A microblogger named “HuangY3xin-Dione”, who was dining in a restaurant near the station, said she was “scared to death”, adding that she saw a group of men in black with two long knives chasing people.
Another hotel employee told the Post that a number of roads had been cordoned off.
President Xi Jinping and Premier Li Keqiang sent condolences to the victims and their families.
China has been hit by a series of violent incidents in recent months, but most of them were in restive Xinjiang, with authorities blaming Uygur separatists.
Incidents involving Uygurs are often labelled "terrorist attacks" while others carried out by Chinese seen as having grievances against society or the authorities are not.
In a high-profile incident in Beijing last October, three Uygur family members set their car on fire at Tiananmen Square, the symbolic heart of the Chinese state, killing themselves and two bystanders.
Hu Xijin, editor of the influential Global Times newspaper, published by the ruling Communist Party's official People's Daily, wrote on his Weibo feed that the government should say who it suspected of the attack as soon as possible.
"If it was Xinjiang separatists, it needs to be announced promptly, as hearsay should not be allowed to fill the vacuum," Hu wrote.
Chronology of key events related to the restive region since 2009:
June 25 Two Uighur factory workers are reported killed and dozens injured in a huge brawl with Han Chinese in Shaoguan, in the southern province of Guangdong.
July 5 Hundreds, perhaps thousands, of Uighurs riot in the Xinjiang capital Urumqi after security forces move in on a protest over the Shaoguan incident.
July 7 The government says nearly 200 people died in the unrest, with more than 1,600 injured and hundreds arrested. Eventually at least 26 are reportedly sentenced to death.
September 2 -- Han residents of Urumqi protest for days over a wave of syringe stabbings which the government eventually says had nearly 500 victims, blaming “ethnic separatist forces”.
July 18 Police kill 20 protesters in clashes in Hotan, southern Xinjiang, exiled Uighur groups say. State media say police fired on demonstrators who attacked a police station, killing one officer.
July 31-August 1 Two attacks by alleged terrorists leave 13 people dead in a Han Chinese section of Kashgar, while police kill eight suspected Uighur separatists.
September 15 Courts in Xinjiang sentence to death four Uighurs over the July incidents.
December 28 Police in Pishan kill seven “terrorists” in a hostage standoff that left one officer dead. State media calls them terrorists engaged in a “holy war”.
February 28 Rioters armed with knives kill at least 10 people in Yecheng, while police shoot two of the attackers dead, state press say. One man is later sentenced to death.
April 23 Gunfights in Bachu leave 15 police and community workers and six “terrorists” dead. Two men are later sentenced to death.
June 26 At least 35 people are killed when, according to Xinhua, “knife-wielding mobs” attack police stations and other sites in Lukqun before security personnel open fire. Three people are later sentenced to death.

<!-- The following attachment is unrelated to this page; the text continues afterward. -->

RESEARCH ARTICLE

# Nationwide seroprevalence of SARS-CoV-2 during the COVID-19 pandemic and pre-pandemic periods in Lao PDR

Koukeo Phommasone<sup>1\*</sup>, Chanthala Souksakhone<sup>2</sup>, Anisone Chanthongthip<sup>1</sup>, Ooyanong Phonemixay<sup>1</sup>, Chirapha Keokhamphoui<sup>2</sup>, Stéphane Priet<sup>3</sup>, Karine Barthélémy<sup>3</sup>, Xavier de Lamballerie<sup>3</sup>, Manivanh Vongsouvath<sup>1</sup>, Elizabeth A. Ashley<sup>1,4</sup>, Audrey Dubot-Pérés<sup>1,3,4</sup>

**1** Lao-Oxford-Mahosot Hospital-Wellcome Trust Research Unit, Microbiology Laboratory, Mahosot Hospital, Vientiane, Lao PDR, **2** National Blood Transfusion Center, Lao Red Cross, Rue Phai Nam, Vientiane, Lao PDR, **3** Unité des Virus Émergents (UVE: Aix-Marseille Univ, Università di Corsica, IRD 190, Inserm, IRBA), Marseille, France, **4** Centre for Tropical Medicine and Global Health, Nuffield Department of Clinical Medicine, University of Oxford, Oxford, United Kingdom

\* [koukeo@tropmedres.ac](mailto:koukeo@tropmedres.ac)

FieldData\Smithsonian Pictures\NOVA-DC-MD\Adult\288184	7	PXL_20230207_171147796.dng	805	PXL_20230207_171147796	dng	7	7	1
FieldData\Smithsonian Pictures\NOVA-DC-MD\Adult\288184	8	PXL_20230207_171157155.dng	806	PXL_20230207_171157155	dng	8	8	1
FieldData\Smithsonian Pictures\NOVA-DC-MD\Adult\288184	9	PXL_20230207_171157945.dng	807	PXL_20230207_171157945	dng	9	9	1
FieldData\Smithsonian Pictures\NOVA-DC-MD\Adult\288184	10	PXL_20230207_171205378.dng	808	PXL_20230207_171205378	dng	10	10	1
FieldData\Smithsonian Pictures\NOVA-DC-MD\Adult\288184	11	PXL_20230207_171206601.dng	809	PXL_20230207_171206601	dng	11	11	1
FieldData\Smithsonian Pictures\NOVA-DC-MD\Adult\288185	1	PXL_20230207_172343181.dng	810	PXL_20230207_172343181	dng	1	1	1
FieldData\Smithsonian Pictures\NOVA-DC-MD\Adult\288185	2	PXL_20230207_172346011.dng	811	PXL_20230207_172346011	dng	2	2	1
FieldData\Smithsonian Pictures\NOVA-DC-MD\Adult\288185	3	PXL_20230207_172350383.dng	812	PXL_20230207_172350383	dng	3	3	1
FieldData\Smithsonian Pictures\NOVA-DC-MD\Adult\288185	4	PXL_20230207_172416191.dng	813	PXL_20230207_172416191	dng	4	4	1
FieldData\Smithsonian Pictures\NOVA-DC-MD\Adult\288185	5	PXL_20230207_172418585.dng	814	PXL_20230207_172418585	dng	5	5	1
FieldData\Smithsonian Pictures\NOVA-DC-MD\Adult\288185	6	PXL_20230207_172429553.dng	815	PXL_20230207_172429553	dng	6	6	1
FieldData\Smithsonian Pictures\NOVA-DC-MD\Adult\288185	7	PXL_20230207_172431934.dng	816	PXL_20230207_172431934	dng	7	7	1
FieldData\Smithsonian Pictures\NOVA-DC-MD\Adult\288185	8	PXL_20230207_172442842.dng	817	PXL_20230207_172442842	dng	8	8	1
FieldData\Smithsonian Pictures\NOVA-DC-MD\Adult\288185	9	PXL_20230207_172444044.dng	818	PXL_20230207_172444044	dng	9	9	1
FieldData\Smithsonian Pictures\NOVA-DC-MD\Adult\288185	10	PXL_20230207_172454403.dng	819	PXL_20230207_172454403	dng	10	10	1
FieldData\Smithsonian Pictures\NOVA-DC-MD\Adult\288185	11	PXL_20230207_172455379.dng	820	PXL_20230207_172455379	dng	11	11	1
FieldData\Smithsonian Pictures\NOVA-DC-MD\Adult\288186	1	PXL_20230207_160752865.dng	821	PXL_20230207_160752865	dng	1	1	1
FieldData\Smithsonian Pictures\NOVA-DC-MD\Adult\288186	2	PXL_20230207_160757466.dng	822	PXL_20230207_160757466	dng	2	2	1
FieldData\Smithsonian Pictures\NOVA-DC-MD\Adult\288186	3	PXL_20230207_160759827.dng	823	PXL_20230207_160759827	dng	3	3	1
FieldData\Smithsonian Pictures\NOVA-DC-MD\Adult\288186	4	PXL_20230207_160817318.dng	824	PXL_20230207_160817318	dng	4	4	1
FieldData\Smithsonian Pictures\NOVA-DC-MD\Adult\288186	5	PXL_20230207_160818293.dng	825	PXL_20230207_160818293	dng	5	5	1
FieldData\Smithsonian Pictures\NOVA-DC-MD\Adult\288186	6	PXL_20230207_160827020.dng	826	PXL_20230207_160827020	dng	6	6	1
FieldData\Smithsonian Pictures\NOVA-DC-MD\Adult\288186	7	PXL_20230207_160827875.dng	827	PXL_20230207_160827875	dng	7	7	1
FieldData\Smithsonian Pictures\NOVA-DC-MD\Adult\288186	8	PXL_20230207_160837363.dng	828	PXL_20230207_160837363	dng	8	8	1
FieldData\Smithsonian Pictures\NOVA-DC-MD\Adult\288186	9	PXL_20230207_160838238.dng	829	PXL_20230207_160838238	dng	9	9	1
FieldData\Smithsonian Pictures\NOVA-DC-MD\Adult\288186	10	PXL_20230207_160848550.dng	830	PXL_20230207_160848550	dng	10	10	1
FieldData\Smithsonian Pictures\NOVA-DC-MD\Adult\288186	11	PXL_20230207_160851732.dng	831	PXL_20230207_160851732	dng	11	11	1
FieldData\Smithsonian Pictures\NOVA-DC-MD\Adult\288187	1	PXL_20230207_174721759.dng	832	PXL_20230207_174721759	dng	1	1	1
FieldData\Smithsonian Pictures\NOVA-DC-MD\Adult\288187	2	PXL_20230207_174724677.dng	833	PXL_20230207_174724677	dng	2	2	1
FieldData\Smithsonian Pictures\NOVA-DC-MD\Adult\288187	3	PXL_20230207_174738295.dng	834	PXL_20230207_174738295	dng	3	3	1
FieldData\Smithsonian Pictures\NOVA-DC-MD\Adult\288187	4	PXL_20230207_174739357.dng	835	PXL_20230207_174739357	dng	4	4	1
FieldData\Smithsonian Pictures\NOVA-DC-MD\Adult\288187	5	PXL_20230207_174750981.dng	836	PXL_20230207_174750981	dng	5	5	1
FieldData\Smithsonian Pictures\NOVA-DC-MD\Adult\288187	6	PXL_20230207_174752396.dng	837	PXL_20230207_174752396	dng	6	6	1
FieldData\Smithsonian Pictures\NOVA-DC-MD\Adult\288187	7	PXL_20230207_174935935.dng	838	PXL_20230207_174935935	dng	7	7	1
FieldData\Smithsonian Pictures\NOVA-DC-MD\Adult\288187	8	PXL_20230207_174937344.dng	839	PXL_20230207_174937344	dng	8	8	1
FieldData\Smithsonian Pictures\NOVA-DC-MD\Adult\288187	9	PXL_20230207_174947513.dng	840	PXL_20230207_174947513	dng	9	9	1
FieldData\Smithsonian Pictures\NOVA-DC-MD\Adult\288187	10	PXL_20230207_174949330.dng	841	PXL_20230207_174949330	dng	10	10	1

August 20 A Chinese policeman is killed in what state media call an “anti-terrorism” operation in Yilkiqi. Overseas media report 22 Uighurs were shot dead.
October 28 Three members of the same Xinjiang family crash their car into tourists in Tiananmen Square in Beijing, the symbolic heart of the Chinese state, killing two, before setting it on fire and dying themselves, according to authorities who call it a terrorist attack.
November 17 Two policemen and nine attackers are killed at a police station in Serikbuya, state media say. Rights groups say the trigger was the fatal shooting of a Uighur youth during a protest.
December 16 14 Uighurs and two police officers are killed in Shufu county. Authorities describe the slain Uighurs as members of an extremist group, but campaigners say police raided a house where a family was preparing for a wedding, with six women among those killed.
December 30 An assault on a police station in Yarkand leaves eight attackers dead, according to the Xinjiang government’s official website.
January 15 A prominent Uighur academic and critic of government policy, economics lecturer Ilham Tohti, is detained by police, his wife says, and later charged with separatism, which can carry the death penalty.
January 25 A total of 12 people have been killed in Xinhe, six in explosions and six shot dead by police dealing with “violent incidents”, a government-run news portal says.
February 14 A total of 11 people die in an attack on police in Wushi, with officers shooting eight dead and three blowing themselves up, authorities say.
March 1 At least 29 people are killed and more than 130 wounded by knife-wielding assailants at Kunming train station in Yunnan province, more than 1,600 kilometres from Xinjiang. Officials blame separatist terrorists from Xinjiang.